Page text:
Barack Obama's (Im)Perfect Union: An Analysis of the Strategic Successes and Failures in His Speech on Race
EBONY UTLEY—CALIFORNIA STATE UNIVERSITY, LONG BEACH AMY L . HEYSE-CALIFORNIA STATE UNIVERSITY, LONG BEACH
In (he midst of the Jeremiah Wright controversy, 2008 presidential candidate Barack Ohama resolved the political-personal crisis surrounding his racialpotitics by rhetorically presenting himself as a post racial candidate. After reviewing the strategies of other African American politicians, we posit thai Obama 's adoption of race-neutral rhetoric in his March 18. 2008. speech, "A More Perfect Union, " was a strategic rhetorical choice at the time. However, we also assert that his post-racial politics were compromised by I ) his presentation ofa sanitized version of the United States'history of racial injustice and 2) a tendency to reify harmful racist stereotypes.
In March 2008, presidential candidate Barack Obama was engulfed in political controversy. Video recordings of his pastor and spiritual advisor. Rev- erend Jeremiah Wright, Jr., were broadcast on every news channel and widely circulated on the internet. The recordings featured snippets from Wright's most provocative sermons. One of those sermons, originally titled "Confusing God and the Government" delivered on April 13, 2003, was re-titled "God Damn America" on YouTube. Wright preached that the United States government enacted genocide against Native Ameri- cans and African Americans, helped imprison Nelson Mandela, and manipulated God's word and will to sanction slavery and segregation. Wright implied that a racist U.S. government supported the infusion of drugs into black communities, frequentiy planted evidence against people of color, and preferred to imprison Af- rican Americans rather than provide them with the best
education. Wright (2003) was also quoted repeatedly exclaiming, "God damn America."
On March 14, 2008, Obama issued a statement denouncing his long-time pastor's proclamations: "I ve- hemently disagree and strongly condemn the statements that have been the subject of this controversy. I categori- cally denounce any statement that disparages our great country or serves to divide us from our allies." In that statement, Obama (2008a) also described a personal relationship with Wright and explained that Wright "has never been my political advisor; he's been my pastor." These clarifications, however, failed to satiate the news media and skeptical American voters. Obama hoped to finally put the issue to rest by directly addressing the controversy in a speech delivered in Philadelphia on March 18, 2008, titled "A More Perfect Union."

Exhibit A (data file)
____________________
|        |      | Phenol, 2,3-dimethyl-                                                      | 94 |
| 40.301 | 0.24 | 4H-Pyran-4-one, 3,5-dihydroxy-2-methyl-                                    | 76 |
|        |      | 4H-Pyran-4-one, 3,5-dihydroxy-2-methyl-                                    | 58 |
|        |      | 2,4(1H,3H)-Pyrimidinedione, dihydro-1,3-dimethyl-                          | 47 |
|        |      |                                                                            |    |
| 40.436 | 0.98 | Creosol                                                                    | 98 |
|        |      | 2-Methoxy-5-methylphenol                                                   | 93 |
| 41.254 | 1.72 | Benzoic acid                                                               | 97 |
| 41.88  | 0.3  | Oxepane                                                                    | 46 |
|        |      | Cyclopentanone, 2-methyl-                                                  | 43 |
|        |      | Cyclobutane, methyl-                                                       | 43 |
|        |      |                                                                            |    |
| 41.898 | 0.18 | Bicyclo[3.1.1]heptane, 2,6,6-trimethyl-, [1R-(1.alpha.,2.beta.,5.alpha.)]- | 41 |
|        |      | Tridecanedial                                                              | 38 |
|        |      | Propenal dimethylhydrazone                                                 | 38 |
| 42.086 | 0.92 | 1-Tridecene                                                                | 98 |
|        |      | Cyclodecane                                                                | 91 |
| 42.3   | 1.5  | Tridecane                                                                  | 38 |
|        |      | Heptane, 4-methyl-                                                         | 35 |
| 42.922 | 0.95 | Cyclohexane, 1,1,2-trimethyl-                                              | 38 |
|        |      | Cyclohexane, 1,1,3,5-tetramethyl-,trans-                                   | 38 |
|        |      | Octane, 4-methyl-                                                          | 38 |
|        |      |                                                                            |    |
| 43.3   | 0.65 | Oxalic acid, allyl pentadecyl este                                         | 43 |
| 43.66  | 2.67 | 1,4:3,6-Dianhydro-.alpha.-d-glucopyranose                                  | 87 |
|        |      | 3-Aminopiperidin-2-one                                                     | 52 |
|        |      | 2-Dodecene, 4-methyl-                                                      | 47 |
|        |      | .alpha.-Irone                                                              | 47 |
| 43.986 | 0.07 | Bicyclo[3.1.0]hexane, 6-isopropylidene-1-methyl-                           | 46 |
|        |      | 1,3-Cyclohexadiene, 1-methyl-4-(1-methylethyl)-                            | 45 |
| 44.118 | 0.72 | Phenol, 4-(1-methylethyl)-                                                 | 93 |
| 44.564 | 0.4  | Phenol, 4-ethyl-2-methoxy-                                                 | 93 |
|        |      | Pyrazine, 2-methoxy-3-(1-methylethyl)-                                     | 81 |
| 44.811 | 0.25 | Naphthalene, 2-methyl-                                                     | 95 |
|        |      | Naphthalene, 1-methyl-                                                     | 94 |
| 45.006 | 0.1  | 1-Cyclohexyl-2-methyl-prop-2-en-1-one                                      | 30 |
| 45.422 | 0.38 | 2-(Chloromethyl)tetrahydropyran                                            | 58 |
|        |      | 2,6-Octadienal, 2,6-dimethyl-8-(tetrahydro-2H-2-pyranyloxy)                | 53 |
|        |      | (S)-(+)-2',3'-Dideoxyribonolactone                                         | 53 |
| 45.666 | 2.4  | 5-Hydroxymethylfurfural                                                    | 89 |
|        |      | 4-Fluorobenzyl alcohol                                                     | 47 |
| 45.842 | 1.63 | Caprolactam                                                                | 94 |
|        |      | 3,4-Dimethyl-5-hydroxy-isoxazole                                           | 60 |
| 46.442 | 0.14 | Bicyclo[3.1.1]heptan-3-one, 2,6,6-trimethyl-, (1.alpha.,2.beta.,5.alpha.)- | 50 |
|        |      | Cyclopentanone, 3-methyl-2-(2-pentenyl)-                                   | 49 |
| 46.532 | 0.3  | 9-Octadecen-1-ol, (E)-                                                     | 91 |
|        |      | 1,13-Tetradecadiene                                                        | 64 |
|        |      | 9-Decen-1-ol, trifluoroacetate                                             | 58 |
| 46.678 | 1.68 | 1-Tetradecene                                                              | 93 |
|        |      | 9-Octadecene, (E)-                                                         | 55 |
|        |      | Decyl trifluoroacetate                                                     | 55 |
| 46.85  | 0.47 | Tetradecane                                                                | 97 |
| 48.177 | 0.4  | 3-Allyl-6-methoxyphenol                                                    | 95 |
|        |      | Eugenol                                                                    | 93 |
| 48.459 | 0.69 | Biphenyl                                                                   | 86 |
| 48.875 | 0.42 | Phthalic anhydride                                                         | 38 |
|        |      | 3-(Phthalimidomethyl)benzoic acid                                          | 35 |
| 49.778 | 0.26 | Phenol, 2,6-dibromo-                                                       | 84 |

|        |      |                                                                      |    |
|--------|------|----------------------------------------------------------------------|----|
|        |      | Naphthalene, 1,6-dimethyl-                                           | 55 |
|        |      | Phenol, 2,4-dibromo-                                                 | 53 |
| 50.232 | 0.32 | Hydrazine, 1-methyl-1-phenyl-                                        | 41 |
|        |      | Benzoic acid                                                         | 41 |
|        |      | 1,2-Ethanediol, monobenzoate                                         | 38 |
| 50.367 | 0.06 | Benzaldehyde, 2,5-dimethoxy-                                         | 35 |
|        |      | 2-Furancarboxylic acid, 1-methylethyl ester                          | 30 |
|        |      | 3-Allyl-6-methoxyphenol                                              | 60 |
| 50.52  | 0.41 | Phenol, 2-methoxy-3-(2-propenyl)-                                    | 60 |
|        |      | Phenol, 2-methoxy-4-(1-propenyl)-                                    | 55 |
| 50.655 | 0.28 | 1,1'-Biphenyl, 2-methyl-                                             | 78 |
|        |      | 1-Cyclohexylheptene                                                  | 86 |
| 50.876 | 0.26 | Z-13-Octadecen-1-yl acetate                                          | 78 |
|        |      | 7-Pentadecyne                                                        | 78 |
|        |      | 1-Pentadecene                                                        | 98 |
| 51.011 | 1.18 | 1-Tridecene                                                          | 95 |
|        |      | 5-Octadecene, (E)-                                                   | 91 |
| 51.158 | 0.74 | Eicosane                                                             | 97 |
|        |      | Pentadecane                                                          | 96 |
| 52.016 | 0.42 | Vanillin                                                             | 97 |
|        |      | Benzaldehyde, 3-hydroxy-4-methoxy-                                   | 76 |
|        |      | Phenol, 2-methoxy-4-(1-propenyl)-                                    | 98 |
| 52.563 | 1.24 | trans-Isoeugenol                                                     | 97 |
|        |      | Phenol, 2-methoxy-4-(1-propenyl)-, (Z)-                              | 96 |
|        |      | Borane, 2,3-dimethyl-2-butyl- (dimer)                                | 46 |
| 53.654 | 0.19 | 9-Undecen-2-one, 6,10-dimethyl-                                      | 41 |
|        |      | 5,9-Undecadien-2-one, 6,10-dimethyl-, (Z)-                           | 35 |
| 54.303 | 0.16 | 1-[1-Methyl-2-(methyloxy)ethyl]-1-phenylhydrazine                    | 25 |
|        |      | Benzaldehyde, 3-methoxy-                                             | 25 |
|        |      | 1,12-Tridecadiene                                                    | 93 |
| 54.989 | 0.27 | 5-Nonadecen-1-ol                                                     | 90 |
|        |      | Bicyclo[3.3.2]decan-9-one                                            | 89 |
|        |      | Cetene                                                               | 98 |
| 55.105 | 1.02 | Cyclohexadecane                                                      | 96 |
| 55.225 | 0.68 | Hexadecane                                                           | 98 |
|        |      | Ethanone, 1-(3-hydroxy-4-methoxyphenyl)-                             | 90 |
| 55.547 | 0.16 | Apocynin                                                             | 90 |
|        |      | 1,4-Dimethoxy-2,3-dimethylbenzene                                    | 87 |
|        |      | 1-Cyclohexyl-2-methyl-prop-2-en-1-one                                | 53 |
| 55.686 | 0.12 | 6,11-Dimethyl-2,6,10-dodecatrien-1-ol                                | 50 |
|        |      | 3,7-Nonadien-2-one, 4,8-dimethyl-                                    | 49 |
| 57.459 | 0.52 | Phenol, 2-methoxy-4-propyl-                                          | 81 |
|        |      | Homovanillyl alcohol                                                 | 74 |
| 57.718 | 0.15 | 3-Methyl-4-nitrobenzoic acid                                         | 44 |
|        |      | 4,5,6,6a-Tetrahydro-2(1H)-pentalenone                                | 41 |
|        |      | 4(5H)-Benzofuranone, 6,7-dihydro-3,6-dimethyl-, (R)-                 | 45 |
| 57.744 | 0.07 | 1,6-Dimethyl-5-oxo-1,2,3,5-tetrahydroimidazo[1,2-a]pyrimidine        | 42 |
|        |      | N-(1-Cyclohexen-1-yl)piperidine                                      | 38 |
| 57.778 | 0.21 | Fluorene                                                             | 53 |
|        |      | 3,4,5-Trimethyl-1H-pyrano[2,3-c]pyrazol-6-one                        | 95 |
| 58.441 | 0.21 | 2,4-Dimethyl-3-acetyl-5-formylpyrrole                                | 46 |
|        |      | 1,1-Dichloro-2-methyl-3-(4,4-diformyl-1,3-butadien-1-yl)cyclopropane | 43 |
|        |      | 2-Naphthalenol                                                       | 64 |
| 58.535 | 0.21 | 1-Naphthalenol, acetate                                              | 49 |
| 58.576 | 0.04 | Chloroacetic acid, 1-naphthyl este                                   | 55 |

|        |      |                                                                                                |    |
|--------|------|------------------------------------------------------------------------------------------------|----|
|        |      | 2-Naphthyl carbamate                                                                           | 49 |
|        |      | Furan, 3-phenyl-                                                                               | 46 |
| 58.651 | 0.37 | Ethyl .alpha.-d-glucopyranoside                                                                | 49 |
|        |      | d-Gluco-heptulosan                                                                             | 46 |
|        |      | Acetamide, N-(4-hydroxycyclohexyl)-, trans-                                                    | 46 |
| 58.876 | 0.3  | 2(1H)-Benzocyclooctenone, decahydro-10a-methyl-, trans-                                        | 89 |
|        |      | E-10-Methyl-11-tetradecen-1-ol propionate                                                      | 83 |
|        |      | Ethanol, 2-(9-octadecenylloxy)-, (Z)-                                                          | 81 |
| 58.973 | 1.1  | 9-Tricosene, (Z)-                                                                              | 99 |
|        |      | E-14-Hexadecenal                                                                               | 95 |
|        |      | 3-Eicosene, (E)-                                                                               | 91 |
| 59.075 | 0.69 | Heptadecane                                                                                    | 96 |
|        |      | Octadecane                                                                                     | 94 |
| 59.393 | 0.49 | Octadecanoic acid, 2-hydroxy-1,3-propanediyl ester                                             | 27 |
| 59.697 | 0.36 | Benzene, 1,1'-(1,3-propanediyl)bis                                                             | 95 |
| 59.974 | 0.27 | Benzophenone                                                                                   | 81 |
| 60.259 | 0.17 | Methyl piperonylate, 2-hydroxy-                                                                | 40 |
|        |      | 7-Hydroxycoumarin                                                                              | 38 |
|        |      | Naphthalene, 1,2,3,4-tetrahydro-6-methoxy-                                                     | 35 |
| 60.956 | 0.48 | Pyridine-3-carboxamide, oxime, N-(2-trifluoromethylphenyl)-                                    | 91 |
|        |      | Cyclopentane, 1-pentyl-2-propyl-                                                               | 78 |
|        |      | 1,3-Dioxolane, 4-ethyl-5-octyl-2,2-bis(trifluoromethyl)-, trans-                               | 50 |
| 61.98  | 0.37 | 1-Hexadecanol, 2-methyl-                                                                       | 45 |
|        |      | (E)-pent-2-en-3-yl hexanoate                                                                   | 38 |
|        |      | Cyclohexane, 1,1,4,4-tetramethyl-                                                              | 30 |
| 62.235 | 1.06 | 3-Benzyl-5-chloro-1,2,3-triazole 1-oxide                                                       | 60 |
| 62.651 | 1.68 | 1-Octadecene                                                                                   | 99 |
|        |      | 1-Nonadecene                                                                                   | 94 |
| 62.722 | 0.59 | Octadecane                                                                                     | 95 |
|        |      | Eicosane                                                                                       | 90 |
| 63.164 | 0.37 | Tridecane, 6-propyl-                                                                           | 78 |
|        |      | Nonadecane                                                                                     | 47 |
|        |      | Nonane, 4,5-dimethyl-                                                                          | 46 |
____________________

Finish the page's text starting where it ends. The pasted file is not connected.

In this essay, we argue that Barack Obama's "A More Perfect Union" was an appropriate and successful
Amy L. Heyse, Ph.D.. is an Assistant Profe.i.tor of Communication Stiulies at California State University, Long Beach. Her research focuses on women's rhetoric and political rhetoric and engages issues of collective memory, rhetorical subjectivity, and gender.
Ebony A. Utley, Ph.D.. is an Assistant Professor of Communication Studies at California State University, Long Beach. Her re.search interests include race, love relationships, and hip hop. She is also working on it hook titled the Gangsta's God: The Quest for Respect- ability in Hip Hop.
The Western Journal of Black Studies. Vol. 33, No. 3, 2009 153